The strain on the Army from the conflicts in Iraq and Afghanistan has become so great that top officials are now privately saying the only long-term solution may be to make the overall size of the Army bigger, adding as many as 60,000 troops, ABC News has learned.
It's not a request or a recommendation yet, but senior Army officials have discussed this for weeks and are now in agreement that the Army could meet its worldwide obligations more easily by expanding the overall size of its force.
There are currently 501,000 troops with the level expected to reach 512,000 by the end of next year. To add an additional 60,000 is a costly proposition that Secretary of Defense Donald Rumsfeld has consistently opposed.
In a sign of the strain on U.S. troops, a brigade from the Army's 1st cavalry division was ordered today to return to Iraq a month earlier than planned, while another Army unit, now fighting in the violent city of Ramadi, has been ordered to extend its year-long stay in Iraq by another six weeks.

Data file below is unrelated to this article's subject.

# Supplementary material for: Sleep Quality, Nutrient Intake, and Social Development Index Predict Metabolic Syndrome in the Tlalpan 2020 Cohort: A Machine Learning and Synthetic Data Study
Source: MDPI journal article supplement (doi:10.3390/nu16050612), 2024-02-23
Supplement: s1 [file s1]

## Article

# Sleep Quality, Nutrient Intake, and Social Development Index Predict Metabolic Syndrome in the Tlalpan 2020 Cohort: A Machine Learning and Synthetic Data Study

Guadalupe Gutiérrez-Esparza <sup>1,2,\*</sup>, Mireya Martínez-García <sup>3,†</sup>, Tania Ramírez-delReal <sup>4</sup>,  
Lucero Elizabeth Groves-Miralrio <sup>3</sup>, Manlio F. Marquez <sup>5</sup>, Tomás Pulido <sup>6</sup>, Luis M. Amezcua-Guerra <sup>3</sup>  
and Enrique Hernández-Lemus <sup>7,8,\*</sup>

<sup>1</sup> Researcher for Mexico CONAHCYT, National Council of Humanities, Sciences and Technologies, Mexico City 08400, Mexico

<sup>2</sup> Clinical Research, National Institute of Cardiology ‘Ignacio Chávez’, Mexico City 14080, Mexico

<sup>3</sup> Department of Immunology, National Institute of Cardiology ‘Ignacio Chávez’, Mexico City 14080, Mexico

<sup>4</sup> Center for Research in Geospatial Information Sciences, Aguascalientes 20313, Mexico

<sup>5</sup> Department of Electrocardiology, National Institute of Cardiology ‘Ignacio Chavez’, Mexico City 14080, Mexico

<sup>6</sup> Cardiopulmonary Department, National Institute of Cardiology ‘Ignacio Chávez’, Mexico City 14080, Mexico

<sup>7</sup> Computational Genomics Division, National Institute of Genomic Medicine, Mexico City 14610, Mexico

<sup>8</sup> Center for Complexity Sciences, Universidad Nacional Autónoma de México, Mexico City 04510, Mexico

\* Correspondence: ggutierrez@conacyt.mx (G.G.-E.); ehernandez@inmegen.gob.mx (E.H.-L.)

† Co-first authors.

Both are examples of the trend where troops are spending more time in Iraq and Afghanistan and less time at home.
In August, one soldier at Camp Victory in Iraq told ABC News he's missing out on his kids' childhoods.
"I've got a wife and four kids back home I miss terrible. I miss them very much. They're growing up without me," said Sgt. Major Norm Vasparrentak.
Concerns About Future Threats
The reason senior Army leaders want to go to a bigger Army is that they are worried about their ability to fight future threats. One official told ABC News, other than the troops now in Iraq and Afghanistan, there are only two to three combat brigades -- that's 7,000 to 10,000 troops -- who are fully trained and equipped to respond quickly to a crisis.
"If we keep forces in Iraq too long, we risk running into a situation where the force begins to break," said former U.S. Army officer Andrew Krepenevich.
Increasing the size of the Army would take time and money, so to deal with the strain in the short-run, officials are also considering another costly and unpopular idea -- using more National Guard troops in Iraq.
The strain has also spread to the equipment, with the Army now saying it will cost $17 billion a year to repair and replace equipment in Iraq. Right now, some soldiers in the U.S. don't have all the tanks, artillery and other equipment needed to train because when they return home, units deployed to Iraq leave their equipment behind in that country for their replacement units.
The military does this because it's more cost-efficient than shipping the equipment back and forth, and it speeds up the turnover time between units.
These challenges are about to hit the taxpayers hard. The Army is pushing for a big increase in its next budget of, perhaps, more than $20 billion a year.
ABC News' Luis Martinez contributed to this report.